Robert Pruitt: “PLANETARY SURVEY: New Drawings” at Prographica/KDR

SEATTLE

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“Untitled (Channeling Uhura),” 2016, Robert Pruitt
“Untitled (Channeling Uhura),” 2016, Robert Pruitt, Conté, pastel, colored pencil and charcoal, tea dyed paper, 50″ x 38″
Photo: courtesy the artist and Prographica/KDR

Although Robert Pruitt’s Seattle debut at Prographica/KDR was a welcome sight, and as beautiful as the big drawings are, one pined for a few of his stunning paintings. The Houston-born African-American artist is attracting considerable attention with solo exhibits in New York (where he now lives), Los Angeles, and Johannesburg, South Africa, among other cities. Realistic yet sometimes futuristic, Pruitt’s drawings in Seattle concentrated on relationships between people, and many of the four- and five-foot high artworks paired individuals, women together and male-female couples, as well as single seated men and women. Except for Untitled (Red Ribbon Hair) and Phantom Lady (both 2016) in which the women literally look down on the viewer, all the other portrait sitters look away, as if in disgust, fear or anger.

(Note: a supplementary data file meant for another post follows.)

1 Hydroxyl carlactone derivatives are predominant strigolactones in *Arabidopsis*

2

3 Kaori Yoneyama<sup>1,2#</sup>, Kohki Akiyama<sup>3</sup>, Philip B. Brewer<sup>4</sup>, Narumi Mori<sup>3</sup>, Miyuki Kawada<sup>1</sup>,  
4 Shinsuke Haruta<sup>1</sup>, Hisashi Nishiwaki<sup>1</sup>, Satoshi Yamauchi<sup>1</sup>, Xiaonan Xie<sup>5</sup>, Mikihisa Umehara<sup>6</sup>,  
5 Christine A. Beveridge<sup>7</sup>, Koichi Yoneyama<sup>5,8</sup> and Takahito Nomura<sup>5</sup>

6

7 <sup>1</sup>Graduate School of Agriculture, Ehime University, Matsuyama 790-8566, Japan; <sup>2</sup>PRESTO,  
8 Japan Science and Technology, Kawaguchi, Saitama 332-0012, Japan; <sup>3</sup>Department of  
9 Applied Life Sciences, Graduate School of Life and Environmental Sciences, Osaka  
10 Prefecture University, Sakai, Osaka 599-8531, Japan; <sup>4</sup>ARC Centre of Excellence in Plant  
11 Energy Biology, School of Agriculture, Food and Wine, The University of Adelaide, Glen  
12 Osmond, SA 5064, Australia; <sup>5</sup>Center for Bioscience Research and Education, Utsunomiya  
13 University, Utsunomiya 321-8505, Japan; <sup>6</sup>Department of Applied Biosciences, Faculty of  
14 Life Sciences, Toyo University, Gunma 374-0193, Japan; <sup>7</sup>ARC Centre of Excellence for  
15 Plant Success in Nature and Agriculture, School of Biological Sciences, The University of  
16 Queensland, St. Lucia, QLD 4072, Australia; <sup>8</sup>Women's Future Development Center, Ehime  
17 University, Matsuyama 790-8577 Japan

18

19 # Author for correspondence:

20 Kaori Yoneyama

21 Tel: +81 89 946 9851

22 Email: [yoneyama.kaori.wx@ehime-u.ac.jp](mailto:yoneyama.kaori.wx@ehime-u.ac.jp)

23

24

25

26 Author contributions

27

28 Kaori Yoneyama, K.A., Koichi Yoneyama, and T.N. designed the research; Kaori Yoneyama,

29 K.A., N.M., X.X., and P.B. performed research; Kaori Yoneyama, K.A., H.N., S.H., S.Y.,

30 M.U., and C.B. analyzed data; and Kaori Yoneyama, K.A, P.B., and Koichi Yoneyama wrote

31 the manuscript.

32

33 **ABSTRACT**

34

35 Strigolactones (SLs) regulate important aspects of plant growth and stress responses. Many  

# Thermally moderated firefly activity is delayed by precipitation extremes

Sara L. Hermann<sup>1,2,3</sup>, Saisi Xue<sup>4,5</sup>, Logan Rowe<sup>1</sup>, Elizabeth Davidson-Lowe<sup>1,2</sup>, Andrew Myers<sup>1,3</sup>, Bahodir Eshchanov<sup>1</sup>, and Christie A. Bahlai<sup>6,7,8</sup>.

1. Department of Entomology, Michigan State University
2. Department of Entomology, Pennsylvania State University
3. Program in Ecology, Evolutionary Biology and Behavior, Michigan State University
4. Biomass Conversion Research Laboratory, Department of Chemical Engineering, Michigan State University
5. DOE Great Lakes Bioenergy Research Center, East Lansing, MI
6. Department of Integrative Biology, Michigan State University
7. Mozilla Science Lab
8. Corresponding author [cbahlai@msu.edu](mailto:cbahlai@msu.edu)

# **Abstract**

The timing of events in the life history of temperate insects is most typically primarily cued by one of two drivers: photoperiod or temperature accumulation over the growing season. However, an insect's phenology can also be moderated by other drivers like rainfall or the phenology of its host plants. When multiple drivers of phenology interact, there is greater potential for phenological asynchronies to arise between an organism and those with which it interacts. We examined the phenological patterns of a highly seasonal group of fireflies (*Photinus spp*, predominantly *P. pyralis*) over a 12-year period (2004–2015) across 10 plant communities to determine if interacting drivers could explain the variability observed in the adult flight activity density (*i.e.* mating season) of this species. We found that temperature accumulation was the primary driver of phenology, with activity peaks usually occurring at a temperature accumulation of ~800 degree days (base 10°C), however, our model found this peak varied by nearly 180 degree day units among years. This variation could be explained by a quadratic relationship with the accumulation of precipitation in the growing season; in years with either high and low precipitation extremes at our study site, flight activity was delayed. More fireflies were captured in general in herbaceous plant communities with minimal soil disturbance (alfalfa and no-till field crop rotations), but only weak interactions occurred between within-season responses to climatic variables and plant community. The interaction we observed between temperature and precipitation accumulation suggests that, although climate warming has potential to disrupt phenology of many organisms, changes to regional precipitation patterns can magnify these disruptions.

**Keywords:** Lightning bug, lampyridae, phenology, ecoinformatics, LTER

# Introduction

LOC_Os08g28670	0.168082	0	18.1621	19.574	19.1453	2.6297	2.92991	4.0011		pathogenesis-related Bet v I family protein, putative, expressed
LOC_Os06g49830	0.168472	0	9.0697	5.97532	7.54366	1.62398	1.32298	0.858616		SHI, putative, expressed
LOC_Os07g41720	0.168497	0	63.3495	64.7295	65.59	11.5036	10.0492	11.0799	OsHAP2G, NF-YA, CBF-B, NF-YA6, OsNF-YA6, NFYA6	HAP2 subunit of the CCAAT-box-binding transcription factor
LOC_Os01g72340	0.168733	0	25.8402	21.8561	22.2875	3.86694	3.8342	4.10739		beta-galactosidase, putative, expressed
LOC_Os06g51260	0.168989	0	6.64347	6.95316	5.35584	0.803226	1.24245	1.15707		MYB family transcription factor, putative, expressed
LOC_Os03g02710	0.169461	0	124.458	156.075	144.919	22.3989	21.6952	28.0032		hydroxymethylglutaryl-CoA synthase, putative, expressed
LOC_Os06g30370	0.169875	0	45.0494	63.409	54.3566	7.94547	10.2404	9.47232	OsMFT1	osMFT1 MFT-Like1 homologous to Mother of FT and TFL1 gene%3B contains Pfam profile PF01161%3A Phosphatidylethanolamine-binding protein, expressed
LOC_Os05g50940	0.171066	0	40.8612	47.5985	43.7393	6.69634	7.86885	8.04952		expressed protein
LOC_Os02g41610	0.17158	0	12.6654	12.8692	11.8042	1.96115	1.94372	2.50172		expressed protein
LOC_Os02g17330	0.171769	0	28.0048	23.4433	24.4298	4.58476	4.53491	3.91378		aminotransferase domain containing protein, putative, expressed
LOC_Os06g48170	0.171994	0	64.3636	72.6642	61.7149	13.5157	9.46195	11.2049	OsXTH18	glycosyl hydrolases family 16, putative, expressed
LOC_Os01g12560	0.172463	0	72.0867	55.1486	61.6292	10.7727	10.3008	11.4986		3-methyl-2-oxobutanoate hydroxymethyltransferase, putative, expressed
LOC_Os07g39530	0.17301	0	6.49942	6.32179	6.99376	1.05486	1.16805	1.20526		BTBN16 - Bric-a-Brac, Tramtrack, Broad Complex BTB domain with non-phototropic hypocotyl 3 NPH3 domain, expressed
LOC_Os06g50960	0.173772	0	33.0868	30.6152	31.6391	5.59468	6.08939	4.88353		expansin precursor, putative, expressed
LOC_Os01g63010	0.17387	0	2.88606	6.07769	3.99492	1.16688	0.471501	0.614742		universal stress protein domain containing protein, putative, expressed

Prographica/KDR’s old location, artist Norman Lundin’s studio, was used by Pruitt to create three drawings just for Seattle. Black is Beautiful, Us, and Abductee (all 2017) are paler and more ghostly than the others. The first two enclose, respectively, a male-female couple and two women together, back to back. The man and woman’s eyes are averted from one another in Black is Beautiful, the logo on the man’s tee-shirt. Another pair of women may comment on food shortages. In Food and Salt (After J-M Basquiat) (2016), they carry boxes of food and salt on their heads, as in Third World countries.

Each work on paper has a background of diluted brown tea that contrasts with the darker skin tones of the figures. In addition, legs are cropped at each base, echoing magazine illustration, or symbolically commenting on restricting confinements in urban settings or prisons. The mixtures of conté crayon, pastel, graphite and colored pencil enliven each work, rendering them more fully realized portraits despite their sketchy beginnings. Among the female standing figures, Untitled (Hair Skirt), Malcolm’s Camera and Untitled (Channeling Uhura), (all 2016), stand out, with bold expressions of contemplation or urgent waiting, all three with amazing hair styles. Among the men, vivid red, orange and pink backgrounds complement the male body, as in Untitled (Male Celestial Body) and Super Massive Deluxe (both 2016). A muscled chest and torso competes with an absurdly gigantic Afro haircut in the latter. Suppressed anger continually combines with deep sadness in Pruitt in ways few other American artists have attained.